Multidisciplinary studies of sustainability for power generation from abandoned wells integrating economic and environmental indicators are scarce in the literature. Installation of geothermal systems for power generation from abandoned wells is still under early stage of research, and practical power plants using ORC and double-pipe heat exchanger have not been developed in Alberta [4]. Earlier studies conducted for geothermal energy in Alberta focused on the availability of resources for heat applications through EGS and overlooked other power generation technologies [1,4,13]. The new ORC technology can shift the focus to power generation from low-temperature resources in Alberta. This study is intended to fill the gap in the literature by evaluating sustainability through GHG mitigation and economic impact of power generation from low-temperature resources in Alberta. The novelty of the present study is the sustainability analysis of power generation from abandoned oil and gas wells in Alberta integrating economic and environmental benefits with a specific design for a pilot plant using ORC and a double-pipe heat exchanger.

The main objectives of this study are to:

  • Develop conceptual design parameters for a pilot plant.
  • Evaluate the feasibility of a pilot plant to generate electricity from a single abandoned well in Alberta.
  • Investigate the CO2 emissions mitigated compared to the current case of Alberta.
  • Conduct sensitivity analysis for the impact on the levelized cost of electricity (LCOE) by initial and operating costs.

2. Methods

The geothermal sensible heat capacity depends mainly on the water temperature difference, water flow rate, and the heat capacity of water. The thermal output power (Pth) is given by Wight and Bennett [14] as:

$$P_{th} = ρ* Q* Cp* (T2 - T1)$$

where (ρ) is the water density, (Q) is the water volume flow rate, (Cp) is the water-specific heat capacity, (T1) is the water inlet temperature, and (T2) is the water outlet temperature.

The conversion efficiency (ηcon) is the ratio between the electrical output power (Pel) and the input power to the ORC unit (Pth):

$$η_{con} = P_{el}/P_{th}$$

The net present value (Npv) was used to estimate the levelized cost of electricity (LCOE). Initial and operating costs were brought to the present value after the summation and correction of the costs for the time value of money [30,31]:


where (Cin) is the initial cost, (OMc) is the operating cost, (f) is the inflation rate, (i) is the interest rate, (n) is the lifetime in years, and (Sval) is the scrap value.

The total energy (Pg) in kWh during the lifetime of the system was calculated as:

$$P_{g} = 8760 * (P_{el} - P_{pmp}) * CF * n$$

where: (Ppmp) is the power of water circulating pump, (8760) is the total number of hours per year and (CF) is the capacity factor.

$$P_{pmp}=\frac{ρ* g* Q* h}{ηp}$$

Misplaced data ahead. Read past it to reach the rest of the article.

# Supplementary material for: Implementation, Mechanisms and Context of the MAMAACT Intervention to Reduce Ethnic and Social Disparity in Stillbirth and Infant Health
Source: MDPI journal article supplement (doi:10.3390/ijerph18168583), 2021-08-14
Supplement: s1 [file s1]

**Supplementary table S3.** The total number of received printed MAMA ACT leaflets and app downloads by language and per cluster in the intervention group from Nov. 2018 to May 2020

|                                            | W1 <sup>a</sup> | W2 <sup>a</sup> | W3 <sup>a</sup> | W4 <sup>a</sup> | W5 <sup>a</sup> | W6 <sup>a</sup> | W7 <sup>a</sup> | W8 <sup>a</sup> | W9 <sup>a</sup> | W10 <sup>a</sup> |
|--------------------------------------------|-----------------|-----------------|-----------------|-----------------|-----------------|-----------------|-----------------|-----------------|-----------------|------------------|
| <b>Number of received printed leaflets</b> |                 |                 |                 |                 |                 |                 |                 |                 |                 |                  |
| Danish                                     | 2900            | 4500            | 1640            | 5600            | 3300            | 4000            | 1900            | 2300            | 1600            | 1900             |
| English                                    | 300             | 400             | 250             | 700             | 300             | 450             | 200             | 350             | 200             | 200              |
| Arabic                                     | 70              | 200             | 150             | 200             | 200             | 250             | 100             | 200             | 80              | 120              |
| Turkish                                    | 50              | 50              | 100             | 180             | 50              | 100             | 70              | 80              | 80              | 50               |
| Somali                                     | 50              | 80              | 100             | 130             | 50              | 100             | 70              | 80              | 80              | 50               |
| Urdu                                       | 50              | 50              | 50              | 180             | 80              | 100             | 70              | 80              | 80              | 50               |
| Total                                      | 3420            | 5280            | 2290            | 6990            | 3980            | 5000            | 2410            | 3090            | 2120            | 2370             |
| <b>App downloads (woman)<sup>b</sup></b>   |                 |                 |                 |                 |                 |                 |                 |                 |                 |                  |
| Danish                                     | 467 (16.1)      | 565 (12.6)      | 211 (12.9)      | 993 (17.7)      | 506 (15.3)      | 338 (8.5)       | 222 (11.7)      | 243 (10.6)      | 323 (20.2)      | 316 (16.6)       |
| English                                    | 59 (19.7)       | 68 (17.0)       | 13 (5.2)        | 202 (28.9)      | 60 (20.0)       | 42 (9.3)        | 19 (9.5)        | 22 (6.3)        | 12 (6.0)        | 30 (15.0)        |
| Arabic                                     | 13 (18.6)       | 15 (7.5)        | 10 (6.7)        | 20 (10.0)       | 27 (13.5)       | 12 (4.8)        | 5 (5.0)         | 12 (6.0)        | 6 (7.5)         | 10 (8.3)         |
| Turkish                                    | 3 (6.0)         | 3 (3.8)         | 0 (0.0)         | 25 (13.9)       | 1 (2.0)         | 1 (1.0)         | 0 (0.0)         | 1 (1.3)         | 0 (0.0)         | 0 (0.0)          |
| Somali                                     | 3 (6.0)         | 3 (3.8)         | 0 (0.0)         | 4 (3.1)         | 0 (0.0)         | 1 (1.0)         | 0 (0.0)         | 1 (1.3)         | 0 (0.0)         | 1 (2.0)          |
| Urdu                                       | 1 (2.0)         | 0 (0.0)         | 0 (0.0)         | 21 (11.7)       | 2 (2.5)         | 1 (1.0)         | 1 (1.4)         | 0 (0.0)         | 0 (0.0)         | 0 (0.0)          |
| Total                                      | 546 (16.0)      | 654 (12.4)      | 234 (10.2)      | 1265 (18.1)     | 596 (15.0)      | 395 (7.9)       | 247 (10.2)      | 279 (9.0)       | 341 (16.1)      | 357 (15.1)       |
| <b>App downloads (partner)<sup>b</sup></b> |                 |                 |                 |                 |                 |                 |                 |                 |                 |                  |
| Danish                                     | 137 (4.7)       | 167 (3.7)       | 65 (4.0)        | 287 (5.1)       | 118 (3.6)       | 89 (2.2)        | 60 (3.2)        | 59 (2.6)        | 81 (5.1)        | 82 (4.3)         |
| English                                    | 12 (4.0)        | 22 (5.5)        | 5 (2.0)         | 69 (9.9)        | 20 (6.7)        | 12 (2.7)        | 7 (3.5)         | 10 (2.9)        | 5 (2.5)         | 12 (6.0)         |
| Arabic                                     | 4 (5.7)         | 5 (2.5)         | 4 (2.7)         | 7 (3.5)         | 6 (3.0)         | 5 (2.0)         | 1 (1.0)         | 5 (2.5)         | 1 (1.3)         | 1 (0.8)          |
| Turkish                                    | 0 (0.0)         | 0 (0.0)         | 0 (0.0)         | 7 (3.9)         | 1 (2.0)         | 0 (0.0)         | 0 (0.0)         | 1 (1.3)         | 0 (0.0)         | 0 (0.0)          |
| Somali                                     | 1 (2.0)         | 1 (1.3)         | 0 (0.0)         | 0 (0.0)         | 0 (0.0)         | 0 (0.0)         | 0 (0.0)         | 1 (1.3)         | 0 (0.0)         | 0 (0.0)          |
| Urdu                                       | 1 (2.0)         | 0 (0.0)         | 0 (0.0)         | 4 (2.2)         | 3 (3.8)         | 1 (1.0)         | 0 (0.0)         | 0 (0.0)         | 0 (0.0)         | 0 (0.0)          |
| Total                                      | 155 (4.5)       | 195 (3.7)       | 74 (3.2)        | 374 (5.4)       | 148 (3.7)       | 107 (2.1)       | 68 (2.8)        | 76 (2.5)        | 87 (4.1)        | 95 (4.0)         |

where: (g) is the gravitational acceleration, (h) is the total head, and (ηp) is the pump efficiency.

The levelized cost of electricity (LCOE) was estimated from Eq. (3) and Eq. (4) as:


3. Design Description

The geothermal heat source would be represented by an abandoned oil or gas well selected in Alberta for the pilot plant. A region in Alberta with a reservoir temperature higher than 100 °C is recommended to achieve better performance. A double-pipe heat exchanger (field exchanger) would be used to convey heat between the recirculating water and the organic fluid. The existed casing of the well represents the outer pipe for the system. Another smaller pipe would be inserted along with the depth of the well concentric to the casing pipe. The inner pipe of the heat exchanger would be insulated from the outer casing pipe by inserting an intermediate pipe between them to make an air gap. Clean water would be injected through the outer casing pipe to the dead center of the well, heated by the surrounding rocks, and returned to the surface through the inner pipe. The heated water would be delivered to the ORC unit to generate electricity. Complete ORC unit would be brought to the site from a commercial supplier after setting and testing the output from the thermal systems. The test would cover the optimum design parameters in the injection and production points. Optimum water temperature and flow rate would be adjusted to estimate the required size of the ORC unit. The ORC unit would be connected to the heat exchanger to generate electricity. Figure 1 shows the schematic for the proposed double-pipe heat exchanger.

Figure 1 Cross-section of a double-pipe heat exchanger for water heating.

The hot water from the double-pipe heat exchanger would be supplied to the binary cycle through a heat exchanger to heat the working fluid. The heated working fluid rotates a turbine coupled to an electric generator. The expanded working fluid from the turbine would be delivered to the condenser, and the working fluid would be changed to the liquid phase by cooling in this stage. The condenser would be air-cooled, taking the benefit of cold weather and the low ambient temperature of Alberta. The liquefied working fluid would be pumped into the heat exchanger to start a new cycle. The hot water from the abandoned well and pumped back cycle loop would be in a separate loop from the binary cycle to avoid contamination due to the direct contacts between the two different fluids. Figure 2 shows the schematic diagram for the geothermal power generation from an abandoned oil and gas well.

Figure 2 Schematic of power generation from geothermal energy extracted from an abandoned well.

4. Input Data and Assumptions